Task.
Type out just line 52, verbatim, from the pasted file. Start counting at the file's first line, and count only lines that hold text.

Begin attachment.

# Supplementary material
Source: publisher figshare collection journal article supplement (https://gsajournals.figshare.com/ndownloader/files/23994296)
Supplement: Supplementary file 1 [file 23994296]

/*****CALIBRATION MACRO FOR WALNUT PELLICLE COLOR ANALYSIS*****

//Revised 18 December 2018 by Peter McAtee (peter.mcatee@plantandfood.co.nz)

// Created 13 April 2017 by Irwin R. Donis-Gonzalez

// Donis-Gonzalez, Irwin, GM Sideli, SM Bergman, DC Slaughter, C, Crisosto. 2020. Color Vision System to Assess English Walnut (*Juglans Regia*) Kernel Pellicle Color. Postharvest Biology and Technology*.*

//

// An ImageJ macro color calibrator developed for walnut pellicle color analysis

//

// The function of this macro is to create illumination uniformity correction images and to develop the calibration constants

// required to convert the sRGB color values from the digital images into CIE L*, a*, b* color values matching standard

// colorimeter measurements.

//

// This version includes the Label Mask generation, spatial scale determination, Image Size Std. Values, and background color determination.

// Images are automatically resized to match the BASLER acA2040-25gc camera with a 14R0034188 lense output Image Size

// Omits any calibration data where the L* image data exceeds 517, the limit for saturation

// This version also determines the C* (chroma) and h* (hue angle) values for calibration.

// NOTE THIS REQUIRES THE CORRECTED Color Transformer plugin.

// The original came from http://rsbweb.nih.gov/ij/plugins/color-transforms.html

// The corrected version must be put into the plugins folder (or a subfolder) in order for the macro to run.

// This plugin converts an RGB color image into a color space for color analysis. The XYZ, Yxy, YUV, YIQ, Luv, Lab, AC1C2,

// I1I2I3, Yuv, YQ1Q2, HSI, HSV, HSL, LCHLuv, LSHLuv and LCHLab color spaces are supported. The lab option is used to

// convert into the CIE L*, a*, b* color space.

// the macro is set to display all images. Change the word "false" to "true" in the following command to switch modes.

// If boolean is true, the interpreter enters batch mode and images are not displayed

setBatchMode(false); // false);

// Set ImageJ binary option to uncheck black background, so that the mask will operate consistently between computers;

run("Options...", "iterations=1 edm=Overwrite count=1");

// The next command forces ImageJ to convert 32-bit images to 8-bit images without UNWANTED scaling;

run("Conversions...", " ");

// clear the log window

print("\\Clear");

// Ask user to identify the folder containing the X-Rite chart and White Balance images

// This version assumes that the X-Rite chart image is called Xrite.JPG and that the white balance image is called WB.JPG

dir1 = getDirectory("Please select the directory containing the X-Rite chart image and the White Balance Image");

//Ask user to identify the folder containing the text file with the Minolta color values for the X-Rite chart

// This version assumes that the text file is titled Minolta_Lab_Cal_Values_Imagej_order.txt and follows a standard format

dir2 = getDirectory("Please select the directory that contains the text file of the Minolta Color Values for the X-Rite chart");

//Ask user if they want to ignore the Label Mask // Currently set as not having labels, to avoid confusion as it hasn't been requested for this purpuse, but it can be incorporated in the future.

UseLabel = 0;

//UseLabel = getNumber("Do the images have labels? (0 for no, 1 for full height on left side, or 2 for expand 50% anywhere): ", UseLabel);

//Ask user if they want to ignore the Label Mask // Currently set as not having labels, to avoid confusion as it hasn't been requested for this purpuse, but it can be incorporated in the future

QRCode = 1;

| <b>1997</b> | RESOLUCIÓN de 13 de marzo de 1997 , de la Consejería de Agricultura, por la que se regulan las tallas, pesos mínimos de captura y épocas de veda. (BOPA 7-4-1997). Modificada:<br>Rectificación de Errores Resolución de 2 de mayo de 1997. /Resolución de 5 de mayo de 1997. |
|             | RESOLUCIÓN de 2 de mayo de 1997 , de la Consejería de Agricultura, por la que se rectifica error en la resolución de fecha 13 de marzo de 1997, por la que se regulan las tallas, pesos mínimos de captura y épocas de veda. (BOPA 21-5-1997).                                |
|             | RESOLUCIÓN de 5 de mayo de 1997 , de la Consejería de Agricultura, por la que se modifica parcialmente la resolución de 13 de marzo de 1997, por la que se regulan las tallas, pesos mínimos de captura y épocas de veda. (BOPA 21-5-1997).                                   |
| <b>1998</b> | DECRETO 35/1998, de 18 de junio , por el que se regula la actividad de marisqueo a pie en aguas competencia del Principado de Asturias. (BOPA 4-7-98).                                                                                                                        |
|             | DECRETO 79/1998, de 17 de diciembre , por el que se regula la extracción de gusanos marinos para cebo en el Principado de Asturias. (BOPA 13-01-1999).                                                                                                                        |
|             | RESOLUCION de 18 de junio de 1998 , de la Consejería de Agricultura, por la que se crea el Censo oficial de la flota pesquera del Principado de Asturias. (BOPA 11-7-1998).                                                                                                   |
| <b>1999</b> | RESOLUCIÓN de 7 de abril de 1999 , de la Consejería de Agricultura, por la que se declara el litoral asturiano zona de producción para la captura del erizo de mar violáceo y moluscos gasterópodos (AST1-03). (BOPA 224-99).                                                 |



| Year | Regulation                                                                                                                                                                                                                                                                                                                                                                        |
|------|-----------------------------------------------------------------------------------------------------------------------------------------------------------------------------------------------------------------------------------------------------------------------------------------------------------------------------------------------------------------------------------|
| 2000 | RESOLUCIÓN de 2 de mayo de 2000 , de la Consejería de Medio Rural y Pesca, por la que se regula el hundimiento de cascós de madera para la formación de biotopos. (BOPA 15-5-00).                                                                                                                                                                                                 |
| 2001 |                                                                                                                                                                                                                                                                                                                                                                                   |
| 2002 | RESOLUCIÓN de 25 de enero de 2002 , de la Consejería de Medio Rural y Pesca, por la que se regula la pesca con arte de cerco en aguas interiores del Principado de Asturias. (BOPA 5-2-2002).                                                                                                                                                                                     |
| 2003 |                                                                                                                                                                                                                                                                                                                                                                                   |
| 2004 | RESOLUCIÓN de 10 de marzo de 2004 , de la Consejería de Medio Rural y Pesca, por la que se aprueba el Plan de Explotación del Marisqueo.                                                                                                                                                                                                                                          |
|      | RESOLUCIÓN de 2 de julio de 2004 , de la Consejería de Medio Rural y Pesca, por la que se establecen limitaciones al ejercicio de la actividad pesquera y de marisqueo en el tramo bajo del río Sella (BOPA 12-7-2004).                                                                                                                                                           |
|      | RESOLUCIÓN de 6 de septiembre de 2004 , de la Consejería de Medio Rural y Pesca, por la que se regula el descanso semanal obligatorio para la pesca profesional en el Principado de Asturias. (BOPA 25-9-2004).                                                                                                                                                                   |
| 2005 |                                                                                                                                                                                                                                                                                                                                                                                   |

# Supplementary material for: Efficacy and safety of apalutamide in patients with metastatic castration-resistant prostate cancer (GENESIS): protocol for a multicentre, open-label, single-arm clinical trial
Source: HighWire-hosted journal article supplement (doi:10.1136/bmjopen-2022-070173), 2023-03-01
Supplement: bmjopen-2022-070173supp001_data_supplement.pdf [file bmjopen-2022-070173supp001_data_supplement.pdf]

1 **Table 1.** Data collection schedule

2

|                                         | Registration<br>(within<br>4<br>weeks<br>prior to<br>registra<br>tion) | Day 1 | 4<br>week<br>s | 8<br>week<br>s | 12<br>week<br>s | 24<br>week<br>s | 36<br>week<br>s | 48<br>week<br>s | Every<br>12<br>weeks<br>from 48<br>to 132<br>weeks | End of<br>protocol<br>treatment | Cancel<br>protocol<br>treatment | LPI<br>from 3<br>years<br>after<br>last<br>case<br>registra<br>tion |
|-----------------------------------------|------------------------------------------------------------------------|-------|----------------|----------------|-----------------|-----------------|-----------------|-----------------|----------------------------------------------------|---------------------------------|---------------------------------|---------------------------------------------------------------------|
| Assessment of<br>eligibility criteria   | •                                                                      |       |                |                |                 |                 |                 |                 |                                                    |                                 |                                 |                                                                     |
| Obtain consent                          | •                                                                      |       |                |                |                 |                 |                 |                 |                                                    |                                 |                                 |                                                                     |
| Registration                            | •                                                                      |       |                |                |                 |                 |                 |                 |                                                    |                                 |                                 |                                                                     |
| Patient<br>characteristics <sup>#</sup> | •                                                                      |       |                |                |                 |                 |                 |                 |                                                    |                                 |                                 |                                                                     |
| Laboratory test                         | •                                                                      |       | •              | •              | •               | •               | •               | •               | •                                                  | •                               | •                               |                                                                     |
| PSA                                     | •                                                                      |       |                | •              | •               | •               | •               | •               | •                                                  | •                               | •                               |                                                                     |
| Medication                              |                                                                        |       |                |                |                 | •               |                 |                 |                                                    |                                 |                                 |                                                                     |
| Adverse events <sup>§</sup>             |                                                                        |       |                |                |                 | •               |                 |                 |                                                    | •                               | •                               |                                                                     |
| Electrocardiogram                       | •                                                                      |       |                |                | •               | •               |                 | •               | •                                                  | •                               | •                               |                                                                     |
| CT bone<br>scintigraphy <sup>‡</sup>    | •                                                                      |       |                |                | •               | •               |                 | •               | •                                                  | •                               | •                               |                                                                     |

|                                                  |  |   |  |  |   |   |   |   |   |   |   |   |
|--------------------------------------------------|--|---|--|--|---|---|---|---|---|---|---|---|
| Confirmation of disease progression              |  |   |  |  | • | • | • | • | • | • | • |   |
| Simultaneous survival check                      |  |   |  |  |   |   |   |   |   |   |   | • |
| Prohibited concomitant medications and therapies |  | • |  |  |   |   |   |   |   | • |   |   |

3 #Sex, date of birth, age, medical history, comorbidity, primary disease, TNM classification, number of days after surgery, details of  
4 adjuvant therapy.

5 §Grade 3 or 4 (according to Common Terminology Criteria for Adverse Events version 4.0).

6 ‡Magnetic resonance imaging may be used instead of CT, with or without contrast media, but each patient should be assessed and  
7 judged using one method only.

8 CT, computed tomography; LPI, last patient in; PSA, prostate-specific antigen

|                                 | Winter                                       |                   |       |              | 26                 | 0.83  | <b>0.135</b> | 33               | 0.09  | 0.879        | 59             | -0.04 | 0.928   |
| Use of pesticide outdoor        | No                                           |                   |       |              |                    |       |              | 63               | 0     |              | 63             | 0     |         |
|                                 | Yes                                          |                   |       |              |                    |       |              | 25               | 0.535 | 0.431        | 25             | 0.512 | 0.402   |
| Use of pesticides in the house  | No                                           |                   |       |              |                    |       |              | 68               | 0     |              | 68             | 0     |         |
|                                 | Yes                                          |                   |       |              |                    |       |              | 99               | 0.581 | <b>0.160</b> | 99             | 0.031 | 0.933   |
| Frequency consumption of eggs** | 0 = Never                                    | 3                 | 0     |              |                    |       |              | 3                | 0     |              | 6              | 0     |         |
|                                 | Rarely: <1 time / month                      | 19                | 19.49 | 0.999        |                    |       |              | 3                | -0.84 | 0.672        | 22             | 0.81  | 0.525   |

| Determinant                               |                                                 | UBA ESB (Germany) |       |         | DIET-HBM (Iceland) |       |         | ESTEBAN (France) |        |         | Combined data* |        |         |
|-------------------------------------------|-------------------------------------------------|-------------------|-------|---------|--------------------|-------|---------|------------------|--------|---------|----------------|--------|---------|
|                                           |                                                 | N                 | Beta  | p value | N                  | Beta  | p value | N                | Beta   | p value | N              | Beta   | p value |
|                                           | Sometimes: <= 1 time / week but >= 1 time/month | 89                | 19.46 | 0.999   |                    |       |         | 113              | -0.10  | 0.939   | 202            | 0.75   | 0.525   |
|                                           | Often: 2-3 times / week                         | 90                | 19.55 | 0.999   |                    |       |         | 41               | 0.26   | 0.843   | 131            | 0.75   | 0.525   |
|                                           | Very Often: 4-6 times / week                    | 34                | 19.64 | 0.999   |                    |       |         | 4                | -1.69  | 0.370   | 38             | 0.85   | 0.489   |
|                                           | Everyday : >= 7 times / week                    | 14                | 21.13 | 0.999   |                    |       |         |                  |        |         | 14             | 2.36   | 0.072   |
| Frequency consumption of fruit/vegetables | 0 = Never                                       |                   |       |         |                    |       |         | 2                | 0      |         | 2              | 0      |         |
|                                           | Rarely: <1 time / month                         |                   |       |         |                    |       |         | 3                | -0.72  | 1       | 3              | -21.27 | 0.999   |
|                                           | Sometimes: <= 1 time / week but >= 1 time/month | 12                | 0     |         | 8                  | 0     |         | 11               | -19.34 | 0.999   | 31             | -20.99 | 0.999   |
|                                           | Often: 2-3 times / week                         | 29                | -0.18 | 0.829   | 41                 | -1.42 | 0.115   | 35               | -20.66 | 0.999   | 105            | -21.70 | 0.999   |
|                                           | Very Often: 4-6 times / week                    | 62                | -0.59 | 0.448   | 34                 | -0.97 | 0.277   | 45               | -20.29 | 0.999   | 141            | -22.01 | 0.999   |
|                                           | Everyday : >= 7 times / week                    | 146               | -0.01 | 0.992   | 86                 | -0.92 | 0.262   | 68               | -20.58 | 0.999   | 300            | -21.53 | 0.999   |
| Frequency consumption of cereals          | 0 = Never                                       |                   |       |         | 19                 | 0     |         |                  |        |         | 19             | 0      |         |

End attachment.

| Year | Regulation                                                                                                                                                                                                                                                                                                                                                                        |